The stuff of cars
ARE CARS BECOMING LESS REAL AS TECHNOLOGY CHANGES? OR IS THIS ARTICLE CLICK-BAIT? THE ANSWER MAY SURPRISE YOU.
When I was young and Donald Trump was only a story that Mexican parents told their children, cars were made out of metal. It was a solid and tangible age, when men were cisgendered and gearboxes were manual and we spent the evenings watching Iraq getting carpet bombed over a plate of something straightforward and unhygienic. Corridor? We used to dream of living in the corridor.
Not anymore. There's a Range Rover Sport in my driveway, a new one, and it looks very nice. Light blue, glassy panoramic sunroof, clean lines that make it look designed rather than cobbled together, like the old one, out of vulgar oddments. And they finally got rid of those spangly headlights. But there are downsides. In order to save weight and make some of the more complicated panels, they have decided to use what feels like plastic.
Plastic is useful in many ways. But it is a morally questionable substance. It feels false; it provides very little sensation; no smell; it never biodegrades or nourishes. It is, in short, alien. Mailer said that plastic was "a malign force loose in the universe... the social equivalent of cancer."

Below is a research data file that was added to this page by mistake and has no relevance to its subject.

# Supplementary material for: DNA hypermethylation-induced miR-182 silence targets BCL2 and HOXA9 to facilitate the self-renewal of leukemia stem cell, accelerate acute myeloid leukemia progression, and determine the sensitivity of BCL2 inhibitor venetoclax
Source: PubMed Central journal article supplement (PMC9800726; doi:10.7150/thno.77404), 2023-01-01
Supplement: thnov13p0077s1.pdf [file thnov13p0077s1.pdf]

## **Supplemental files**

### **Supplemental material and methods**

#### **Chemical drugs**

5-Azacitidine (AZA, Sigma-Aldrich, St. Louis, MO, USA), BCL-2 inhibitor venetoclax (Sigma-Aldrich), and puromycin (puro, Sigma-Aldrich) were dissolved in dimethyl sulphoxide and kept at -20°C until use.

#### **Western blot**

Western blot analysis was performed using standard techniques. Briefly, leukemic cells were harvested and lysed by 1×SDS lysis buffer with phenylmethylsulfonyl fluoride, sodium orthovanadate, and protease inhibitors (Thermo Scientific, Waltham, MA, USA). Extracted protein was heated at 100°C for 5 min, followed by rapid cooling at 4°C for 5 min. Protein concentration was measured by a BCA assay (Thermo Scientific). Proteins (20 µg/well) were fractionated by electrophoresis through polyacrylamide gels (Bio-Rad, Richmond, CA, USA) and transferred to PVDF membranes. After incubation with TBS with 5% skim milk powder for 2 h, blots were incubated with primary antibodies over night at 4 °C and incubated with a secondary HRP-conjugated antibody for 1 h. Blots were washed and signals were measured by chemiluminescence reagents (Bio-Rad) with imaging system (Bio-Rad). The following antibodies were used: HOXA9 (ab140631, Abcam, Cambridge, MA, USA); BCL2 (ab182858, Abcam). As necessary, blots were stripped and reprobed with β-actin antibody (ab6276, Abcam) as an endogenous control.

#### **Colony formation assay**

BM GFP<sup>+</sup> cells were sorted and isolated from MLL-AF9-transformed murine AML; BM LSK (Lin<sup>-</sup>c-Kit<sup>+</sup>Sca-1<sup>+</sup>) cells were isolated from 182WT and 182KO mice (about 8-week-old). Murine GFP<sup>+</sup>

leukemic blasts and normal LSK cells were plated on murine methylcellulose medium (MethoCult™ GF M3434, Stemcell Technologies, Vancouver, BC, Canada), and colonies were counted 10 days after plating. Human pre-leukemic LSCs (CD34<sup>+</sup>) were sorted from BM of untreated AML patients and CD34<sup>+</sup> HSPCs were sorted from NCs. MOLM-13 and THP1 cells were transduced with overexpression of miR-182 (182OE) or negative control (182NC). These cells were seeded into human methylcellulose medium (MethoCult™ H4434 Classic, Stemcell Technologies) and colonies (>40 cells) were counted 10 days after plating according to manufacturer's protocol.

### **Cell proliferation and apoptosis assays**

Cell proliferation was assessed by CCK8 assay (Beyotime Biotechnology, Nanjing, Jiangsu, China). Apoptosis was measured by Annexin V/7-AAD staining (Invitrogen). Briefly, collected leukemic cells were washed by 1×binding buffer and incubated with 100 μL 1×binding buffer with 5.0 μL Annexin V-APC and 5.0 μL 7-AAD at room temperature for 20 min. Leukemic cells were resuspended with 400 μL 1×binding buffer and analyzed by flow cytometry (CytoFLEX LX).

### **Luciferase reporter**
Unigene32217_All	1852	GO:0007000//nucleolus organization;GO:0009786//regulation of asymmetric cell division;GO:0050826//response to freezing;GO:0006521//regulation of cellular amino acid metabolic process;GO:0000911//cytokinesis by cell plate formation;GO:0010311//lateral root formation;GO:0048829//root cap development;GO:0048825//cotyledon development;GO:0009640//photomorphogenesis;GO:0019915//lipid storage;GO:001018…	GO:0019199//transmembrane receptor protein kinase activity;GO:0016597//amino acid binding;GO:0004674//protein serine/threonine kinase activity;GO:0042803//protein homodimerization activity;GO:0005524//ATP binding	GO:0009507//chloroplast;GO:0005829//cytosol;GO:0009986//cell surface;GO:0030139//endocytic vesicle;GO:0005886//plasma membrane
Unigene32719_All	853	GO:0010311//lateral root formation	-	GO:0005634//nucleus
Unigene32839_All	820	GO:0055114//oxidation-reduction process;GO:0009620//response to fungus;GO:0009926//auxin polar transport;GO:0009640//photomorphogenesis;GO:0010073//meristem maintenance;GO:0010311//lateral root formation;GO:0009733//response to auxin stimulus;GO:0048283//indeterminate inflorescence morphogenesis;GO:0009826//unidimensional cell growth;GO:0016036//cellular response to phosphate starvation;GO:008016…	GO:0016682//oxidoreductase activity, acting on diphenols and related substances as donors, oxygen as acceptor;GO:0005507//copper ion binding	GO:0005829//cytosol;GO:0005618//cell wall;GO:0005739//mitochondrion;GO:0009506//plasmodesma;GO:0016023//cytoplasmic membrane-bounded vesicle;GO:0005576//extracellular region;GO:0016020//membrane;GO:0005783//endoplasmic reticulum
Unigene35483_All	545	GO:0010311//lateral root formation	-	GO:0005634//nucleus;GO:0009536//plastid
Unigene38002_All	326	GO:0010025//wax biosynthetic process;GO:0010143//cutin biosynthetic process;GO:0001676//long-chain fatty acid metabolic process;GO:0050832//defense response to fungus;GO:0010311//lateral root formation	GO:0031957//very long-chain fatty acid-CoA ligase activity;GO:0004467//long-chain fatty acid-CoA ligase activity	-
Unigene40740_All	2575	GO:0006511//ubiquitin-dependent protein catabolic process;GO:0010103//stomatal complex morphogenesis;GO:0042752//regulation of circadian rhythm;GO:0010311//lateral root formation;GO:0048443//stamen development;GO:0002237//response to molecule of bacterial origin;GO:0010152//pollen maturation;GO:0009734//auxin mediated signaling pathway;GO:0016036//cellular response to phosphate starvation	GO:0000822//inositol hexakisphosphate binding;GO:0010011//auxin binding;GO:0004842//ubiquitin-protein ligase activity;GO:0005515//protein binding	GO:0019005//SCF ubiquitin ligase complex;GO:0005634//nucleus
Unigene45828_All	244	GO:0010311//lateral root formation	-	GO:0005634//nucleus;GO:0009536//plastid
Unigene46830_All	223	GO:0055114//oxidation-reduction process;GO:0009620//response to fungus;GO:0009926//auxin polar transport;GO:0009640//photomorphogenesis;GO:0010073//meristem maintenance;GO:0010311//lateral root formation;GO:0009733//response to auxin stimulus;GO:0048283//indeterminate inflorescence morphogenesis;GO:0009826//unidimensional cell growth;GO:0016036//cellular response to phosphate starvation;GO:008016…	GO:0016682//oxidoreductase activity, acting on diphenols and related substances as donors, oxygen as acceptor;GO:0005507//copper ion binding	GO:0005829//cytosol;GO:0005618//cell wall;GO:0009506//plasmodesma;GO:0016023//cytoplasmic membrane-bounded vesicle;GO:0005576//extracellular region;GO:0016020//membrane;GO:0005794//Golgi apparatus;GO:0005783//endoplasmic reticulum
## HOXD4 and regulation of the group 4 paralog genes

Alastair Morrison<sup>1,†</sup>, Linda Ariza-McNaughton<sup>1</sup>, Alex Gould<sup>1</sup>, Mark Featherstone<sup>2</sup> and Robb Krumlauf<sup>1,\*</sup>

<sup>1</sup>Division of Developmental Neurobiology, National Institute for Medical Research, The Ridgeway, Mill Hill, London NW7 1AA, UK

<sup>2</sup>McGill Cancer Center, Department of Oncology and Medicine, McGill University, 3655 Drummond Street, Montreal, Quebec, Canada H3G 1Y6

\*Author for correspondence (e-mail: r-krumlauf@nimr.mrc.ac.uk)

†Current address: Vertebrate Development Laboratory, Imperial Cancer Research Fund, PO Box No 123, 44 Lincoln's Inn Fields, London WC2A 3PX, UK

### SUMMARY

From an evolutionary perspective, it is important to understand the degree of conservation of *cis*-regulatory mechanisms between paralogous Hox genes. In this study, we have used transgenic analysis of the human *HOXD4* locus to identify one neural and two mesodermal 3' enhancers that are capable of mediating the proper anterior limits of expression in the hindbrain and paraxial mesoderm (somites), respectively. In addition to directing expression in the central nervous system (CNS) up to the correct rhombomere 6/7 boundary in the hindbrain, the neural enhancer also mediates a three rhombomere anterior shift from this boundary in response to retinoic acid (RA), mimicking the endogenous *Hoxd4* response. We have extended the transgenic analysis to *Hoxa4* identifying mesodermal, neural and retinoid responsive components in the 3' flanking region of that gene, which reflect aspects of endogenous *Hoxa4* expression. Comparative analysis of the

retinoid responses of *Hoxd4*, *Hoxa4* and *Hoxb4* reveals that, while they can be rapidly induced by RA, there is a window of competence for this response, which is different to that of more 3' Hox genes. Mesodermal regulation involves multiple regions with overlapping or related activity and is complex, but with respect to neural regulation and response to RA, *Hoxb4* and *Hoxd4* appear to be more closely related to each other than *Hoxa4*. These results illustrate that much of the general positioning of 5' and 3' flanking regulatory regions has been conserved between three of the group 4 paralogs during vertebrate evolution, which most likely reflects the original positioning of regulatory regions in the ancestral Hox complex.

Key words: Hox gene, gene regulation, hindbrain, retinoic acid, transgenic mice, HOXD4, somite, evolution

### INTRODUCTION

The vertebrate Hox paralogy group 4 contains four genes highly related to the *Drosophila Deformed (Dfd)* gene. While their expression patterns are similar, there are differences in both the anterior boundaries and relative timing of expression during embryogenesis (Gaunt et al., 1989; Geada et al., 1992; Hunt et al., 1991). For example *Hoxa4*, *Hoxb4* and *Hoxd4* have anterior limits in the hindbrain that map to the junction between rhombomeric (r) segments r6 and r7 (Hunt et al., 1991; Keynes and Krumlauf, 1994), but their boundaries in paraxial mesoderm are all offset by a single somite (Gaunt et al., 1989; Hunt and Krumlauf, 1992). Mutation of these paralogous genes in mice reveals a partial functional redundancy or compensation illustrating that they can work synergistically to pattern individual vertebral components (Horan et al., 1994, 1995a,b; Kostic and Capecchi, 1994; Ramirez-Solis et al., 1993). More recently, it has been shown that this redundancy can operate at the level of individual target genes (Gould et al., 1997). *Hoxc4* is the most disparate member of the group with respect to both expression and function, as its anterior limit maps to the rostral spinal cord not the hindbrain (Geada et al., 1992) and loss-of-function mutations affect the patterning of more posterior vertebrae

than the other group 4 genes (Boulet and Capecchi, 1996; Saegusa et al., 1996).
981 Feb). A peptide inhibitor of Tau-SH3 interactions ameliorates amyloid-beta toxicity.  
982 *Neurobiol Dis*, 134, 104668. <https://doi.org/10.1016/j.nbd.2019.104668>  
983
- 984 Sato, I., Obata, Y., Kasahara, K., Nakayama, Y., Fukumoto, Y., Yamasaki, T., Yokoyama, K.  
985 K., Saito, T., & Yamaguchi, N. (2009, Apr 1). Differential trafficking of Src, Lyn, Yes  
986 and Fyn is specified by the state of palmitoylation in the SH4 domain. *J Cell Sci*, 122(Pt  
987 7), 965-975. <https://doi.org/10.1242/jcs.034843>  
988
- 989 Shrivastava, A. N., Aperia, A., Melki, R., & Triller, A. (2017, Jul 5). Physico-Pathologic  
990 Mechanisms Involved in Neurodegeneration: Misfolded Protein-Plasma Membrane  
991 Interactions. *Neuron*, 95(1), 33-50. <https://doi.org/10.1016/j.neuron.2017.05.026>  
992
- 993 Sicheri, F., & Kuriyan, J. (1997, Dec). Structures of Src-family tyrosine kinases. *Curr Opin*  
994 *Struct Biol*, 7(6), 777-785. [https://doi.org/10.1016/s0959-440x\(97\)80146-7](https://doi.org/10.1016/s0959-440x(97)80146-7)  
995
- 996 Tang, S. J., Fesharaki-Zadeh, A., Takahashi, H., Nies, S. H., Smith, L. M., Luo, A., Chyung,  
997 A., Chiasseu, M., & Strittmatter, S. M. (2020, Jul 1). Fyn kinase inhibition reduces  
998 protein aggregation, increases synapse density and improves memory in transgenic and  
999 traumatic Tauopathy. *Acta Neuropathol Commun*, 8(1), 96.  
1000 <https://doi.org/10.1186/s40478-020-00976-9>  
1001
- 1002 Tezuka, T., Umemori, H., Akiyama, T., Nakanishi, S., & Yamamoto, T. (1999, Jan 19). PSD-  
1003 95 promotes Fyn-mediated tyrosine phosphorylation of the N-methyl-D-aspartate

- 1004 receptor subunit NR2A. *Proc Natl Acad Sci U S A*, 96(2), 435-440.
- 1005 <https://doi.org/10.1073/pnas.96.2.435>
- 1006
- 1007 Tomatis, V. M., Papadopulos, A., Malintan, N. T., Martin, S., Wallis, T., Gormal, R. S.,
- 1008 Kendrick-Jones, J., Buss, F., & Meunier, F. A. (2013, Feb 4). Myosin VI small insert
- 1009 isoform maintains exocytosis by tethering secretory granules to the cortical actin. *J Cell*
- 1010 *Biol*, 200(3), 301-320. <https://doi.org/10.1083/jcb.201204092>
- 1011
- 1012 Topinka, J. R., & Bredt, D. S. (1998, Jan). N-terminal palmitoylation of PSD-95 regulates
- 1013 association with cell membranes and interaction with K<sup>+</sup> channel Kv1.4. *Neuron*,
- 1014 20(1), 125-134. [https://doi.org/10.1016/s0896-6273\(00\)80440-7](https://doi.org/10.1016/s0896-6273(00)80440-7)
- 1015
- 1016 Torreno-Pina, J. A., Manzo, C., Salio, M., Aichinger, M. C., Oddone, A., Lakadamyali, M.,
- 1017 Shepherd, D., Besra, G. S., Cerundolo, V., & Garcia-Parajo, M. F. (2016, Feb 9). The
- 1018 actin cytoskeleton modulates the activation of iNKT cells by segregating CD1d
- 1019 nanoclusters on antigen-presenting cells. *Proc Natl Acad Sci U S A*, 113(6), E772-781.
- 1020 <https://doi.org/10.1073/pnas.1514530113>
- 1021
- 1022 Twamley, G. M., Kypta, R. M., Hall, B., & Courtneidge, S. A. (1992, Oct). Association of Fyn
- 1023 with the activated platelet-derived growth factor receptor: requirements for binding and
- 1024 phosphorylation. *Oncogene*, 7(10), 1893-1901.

Now, Mailer was completely mad. I accept that. But ask yourself: is plastic really the stuff of cars? Would the GT-40 or the Daytona have been remotely the same if plasticised? Plastic cars are toy cars. When racing drivers crash at inhuman speed, leaving only a trail of metal and rubber and gasoline and ceramic, there is a certain gravity about it. A plastic crash is just an ecological mess.
Or consider the prospect of a 3D-printed car. A print is, by definition, a copy or facsimile. It can never be real. You can print off a copy of the Mona Lisa, but it won't really be the same as the original. Already though, in the car world, there are panels and components so complex that they have to be made this way. Some of them are rather beautiful. But are you really driving a car, or are you driving the print-out Mona Lisa? The new Aston Martin DB11 is a harbinger of what I mean: instead of having a spoiler (which would ruin the geometric balance), it has a strip cut out from the back. Air gets pushed out of the strip; the back of the car gets forced down; no need for a spoiler. Great. Similar story with the new Honda NS-X, which simply couldn't have been designed ten years ago.
But soon, I fear, we will have plastic cars made by 3D printers and designed by artificial intelligences in jars. Am I talking rubbish? Probably. Am I just trying to start an argument to drive more traffic to our Tribe? Maybe. But tell me: what do you think?